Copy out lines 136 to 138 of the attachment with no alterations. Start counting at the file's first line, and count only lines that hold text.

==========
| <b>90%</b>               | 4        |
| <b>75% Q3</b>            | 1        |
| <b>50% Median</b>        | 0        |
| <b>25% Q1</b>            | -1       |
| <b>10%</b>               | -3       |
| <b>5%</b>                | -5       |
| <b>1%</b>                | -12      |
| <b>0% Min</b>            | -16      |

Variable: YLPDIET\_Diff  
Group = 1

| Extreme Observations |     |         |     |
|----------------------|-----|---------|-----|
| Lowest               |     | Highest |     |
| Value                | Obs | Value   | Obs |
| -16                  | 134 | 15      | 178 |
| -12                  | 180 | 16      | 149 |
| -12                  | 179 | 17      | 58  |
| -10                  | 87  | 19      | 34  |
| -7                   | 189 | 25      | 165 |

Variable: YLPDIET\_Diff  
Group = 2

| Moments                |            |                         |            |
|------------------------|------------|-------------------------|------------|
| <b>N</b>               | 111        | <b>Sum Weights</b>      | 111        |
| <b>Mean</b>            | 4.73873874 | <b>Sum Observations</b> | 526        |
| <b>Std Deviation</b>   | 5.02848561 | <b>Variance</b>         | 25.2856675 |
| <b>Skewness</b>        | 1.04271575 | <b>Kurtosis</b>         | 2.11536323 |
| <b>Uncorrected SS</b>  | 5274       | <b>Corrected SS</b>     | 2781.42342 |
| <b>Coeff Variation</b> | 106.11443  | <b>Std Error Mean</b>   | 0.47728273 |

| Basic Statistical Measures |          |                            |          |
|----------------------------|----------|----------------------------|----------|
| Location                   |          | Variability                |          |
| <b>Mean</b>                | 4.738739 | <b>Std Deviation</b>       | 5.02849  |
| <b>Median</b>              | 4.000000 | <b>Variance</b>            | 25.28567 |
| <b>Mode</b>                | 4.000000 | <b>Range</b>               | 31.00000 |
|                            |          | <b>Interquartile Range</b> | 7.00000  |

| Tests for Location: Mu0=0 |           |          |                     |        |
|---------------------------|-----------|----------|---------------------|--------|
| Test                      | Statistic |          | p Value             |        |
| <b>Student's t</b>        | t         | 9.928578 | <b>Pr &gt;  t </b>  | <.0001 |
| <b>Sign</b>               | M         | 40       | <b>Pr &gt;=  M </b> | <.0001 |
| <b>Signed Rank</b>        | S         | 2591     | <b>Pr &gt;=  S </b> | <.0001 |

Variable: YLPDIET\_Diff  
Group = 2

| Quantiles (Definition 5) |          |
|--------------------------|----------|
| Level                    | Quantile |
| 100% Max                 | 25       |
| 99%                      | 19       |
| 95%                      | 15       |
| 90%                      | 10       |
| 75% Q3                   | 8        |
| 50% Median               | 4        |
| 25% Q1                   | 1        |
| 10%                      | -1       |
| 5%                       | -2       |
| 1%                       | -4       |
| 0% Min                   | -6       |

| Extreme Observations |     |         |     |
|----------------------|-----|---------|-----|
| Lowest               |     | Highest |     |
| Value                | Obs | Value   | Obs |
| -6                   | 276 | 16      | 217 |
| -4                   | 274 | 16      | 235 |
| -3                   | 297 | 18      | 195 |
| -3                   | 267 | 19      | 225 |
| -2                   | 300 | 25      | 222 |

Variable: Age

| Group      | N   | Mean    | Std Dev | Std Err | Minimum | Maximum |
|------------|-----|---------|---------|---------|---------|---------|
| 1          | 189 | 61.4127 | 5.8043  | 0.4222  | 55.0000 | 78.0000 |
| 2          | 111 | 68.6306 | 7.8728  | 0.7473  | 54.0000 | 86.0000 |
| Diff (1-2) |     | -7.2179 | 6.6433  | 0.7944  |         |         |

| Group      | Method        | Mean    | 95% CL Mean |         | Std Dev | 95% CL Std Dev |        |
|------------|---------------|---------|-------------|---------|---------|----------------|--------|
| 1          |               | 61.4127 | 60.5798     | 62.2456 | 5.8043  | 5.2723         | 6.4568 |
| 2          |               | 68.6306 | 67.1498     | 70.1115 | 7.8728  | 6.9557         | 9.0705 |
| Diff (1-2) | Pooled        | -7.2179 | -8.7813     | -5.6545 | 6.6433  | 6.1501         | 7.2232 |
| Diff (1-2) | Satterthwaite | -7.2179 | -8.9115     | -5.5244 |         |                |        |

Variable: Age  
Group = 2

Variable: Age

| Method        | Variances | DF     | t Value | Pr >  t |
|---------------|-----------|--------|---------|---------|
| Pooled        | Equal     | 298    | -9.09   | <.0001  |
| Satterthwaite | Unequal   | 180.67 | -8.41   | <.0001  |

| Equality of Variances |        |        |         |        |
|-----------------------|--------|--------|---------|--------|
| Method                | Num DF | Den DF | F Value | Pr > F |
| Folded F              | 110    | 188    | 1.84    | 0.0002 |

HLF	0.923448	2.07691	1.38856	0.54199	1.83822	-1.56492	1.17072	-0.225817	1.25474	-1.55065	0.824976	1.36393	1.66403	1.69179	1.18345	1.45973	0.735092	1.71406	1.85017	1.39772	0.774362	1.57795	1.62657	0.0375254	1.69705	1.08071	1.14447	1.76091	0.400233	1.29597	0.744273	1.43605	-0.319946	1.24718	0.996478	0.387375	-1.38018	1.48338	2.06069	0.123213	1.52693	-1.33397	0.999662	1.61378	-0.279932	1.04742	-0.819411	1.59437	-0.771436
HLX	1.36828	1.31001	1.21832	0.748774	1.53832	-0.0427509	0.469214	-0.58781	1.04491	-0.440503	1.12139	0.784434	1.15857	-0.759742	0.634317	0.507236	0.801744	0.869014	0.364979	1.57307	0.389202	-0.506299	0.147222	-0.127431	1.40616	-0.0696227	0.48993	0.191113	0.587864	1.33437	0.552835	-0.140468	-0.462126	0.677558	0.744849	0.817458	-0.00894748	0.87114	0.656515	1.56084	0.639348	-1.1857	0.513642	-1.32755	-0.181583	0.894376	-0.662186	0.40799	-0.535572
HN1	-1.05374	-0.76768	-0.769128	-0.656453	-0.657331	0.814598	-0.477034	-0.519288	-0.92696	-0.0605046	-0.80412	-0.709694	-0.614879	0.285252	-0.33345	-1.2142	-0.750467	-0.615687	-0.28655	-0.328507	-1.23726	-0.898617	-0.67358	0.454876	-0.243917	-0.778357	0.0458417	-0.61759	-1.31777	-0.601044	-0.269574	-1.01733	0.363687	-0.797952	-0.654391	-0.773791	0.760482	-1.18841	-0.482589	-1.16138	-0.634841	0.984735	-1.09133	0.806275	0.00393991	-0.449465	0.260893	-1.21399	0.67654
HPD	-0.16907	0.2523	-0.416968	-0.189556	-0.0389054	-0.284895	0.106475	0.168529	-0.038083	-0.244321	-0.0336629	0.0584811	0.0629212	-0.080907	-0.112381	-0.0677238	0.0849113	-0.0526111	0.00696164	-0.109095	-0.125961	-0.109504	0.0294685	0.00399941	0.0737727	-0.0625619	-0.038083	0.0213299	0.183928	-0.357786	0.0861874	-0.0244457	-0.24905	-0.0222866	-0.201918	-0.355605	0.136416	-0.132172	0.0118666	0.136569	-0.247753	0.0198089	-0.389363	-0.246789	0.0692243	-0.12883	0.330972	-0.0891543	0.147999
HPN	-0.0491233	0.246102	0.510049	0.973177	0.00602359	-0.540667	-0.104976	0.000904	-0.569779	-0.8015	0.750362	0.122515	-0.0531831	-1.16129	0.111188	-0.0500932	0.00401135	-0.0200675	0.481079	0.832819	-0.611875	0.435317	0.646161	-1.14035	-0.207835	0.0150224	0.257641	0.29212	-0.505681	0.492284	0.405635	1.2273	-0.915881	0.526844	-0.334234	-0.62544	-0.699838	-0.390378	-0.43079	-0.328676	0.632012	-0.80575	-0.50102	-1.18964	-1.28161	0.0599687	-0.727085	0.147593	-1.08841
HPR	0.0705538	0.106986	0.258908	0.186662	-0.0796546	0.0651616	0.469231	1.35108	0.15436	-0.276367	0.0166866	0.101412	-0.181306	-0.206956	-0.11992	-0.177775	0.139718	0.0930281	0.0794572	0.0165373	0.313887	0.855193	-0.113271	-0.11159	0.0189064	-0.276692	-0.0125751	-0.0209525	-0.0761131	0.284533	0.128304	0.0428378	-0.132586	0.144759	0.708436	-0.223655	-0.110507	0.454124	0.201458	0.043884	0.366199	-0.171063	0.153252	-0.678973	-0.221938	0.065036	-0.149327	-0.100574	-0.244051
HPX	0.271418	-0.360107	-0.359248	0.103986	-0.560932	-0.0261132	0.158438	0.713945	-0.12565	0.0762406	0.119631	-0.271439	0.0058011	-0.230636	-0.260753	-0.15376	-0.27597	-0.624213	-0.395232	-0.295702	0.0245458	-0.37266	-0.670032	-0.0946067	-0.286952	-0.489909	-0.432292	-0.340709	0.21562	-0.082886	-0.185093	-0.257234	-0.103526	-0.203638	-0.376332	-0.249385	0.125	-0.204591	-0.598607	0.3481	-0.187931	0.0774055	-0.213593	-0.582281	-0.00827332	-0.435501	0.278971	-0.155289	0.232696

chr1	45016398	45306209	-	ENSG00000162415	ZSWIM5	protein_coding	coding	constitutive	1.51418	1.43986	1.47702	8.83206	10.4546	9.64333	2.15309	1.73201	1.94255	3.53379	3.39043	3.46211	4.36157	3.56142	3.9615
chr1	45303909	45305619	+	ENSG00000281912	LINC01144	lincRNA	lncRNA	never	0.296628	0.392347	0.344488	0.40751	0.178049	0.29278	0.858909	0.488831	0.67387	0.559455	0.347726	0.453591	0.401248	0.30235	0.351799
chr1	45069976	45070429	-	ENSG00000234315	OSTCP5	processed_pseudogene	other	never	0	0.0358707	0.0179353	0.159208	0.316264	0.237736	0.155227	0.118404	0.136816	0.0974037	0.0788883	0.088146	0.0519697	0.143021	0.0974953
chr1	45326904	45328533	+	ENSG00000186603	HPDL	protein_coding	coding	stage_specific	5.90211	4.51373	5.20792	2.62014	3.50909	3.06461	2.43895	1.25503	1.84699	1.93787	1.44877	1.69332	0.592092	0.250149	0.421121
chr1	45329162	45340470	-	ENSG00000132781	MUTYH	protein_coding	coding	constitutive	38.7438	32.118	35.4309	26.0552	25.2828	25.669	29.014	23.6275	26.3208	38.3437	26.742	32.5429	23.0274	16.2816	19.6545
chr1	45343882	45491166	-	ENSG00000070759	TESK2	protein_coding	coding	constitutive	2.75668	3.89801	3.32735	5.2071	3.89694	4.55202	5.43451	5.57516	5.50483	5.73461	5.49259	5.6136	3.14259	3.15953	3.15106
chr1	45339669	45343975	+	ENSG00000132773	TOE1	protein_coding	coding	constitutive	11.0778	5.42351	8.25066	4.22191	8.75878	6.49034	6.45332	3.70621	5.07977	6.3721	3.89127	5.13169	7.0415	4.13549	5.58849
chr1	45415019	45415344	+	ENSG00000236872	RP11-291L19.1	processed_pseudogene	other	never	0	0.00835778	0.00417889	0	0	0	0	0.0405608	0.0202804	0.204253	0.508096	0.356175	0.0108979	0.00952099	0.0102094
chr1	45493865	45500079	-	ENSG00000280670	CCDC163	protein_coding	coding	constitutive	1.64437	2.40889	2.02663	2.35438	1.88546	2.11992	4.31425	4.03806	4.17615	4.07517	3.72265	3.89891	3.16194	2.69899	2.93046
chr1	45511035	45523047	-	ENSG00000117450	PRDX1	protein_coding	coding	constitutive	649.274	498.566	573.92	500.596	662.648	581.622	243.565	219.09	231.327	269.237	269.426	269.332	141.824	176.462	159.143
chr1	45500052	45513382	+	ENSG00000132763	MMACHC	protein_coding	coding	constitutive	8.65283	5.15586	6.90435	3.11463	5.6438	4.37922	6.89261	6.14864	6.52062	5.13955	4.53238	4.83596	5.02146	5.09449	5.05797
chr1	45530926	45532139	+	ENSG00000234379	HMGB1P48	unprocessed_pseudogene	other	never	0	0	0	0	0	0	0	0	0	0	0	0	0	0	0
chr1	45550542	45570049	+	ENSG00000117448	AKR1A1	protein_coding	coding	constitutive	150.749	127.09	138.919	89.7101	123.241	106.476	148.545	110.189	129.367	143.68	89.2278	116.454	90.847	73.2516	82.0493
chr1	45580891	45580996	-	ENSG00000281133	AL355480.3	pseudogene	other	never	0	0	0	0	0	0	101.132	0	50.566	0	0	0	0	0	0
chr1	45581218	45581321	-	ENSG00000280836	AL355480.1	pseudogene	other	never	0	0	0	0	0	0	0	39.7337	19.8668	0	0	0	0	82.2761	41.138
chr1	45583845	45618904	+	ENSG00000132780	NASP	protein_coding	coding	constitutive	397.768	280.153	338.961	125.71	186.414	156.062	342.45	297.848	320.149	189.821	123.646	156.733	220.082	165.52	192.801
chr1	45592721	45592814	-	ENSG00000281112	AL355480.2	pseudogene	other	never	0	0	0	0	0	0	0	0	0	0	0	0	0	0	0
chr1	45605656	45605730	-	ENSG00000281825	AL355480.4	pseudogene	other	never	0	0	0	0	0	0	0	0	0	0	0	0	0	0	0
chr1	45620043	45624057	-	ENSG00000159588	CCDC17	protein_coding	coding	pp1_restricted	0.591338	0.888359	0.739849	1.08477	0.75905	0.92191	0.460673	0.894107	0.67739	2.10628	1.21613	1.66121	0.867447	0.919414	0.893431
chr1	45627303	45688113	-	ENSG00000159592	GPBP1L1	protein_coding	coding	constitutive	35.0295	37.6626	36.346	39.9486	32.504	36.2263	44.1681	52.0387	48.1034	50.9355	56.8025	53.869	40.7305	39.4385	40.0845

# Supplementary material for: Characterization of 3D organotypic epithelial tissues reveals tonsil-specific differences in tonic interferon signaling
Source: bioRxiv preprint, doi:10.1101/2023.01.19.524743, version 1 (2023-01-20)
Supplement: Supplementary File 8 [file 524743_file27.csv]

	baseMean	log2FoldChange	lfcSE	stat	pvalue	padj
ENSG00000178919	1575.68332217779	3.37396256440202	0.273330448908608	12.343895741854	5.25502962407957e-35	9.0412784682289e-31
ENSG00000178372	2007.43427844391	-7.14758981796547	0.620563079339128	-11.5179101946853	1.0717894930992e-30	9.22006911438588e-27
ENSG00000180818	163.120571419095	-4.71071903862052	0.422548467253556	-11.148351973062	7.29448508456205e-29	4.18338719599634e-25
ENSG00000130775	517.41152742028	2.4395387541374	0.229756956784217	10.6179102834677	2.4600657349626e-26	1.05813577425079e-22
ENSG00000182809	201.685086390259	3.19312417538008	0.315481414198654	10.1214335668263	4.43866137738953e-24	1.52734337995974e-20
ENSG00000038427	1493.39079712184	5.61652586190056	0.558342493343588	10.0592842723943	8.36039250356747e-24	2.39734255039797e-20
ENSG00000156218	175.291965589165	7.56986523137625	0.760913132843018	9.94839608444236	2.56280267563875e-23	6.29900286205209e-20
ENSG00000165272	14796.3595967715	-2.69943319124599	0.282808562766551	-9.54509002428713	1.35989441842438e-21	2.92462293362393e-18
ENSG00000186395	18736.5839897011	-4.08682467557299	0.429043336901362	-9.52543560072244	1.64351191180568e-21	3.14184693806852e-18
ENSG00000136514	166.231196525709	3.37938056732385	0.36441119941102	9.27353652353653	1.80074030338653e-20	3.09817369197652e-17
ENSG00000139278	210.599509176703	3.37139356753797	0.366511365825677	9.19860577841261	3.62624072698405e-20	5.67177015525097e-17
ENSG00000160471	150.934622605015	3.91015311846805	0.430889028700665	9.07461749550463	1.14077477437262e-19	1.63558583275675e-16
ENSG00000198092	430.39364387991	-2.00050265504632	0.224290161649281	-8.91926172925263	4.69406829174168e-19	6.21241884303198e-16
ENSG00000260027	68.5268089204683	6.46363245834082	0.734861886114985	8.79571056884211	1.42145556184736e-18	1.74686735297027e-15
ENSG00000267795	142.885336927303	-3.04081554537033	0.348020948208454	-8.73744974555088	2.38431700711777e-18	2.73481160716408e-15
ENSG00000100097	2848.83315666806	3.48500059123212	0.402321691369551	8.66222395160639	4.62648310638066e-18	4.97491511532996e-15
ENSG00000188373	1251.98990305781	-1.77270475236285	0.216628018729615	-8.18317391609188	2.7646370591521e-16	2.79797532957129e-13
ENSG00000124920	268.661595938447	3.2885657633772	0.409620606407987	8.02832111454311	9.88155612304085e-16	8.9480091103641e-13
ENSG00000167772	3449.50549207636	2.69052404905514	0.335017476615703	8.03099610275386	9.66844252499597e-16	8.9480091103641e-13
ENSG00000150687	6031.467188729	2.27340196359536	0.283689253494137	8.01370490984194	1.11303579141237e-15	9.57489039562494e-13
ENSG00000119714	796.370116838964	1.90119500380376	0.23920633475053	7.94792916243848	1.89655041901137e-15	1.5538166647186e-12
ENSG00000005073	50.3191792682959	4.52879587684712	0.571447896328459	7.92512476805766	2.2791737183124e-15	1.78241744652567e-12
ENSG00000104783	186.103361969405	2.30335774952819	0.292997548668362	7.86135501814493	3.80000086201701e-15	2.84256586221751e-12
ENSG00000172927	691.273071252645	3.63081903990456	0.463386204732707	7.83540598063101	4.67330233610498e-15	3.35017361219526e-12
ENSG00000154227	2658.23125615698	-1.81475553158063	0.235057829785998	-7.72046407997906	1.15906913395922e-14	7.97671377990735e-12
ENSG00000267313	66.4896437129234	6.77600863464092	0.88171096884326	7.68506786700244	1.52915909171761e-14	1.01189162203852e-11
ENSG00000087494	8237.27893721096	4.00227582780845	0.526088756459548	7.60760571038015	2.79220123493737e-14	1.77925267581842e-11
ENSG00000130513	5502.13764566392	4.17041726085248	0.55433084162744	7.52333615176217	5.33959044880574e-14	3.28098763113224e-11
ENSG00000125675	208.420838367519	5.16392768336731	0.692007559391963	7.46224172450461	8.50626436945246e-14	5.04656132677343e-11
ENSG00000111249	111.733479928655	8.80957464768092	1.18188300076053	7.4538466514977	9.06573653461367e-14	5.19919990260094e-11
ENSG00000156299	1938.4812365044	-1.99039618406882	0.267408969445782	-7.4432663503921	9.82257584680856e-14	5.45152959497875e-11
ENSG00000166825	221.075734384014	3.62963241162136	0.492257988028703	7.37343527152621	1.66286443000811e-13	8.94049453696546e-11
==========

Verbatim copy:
ENSG00000267795	142.885336927303	-3.04081554537033	0.348020948208454	-8.73744974555088	2.38431700711777e-18	2.73481160716408e-15
ENSG00000100097	2848.83315666806	3.48500059123212	0.402321691369551	8.66222395160639	4.62648310638066e-18	4.97491511532996e-15
ENSG00000188373	1251.98990305781	-1.77270475236285	0.216628018729615	-8.18317391609188	2.7646370591521e-16	2.79797532957129e-13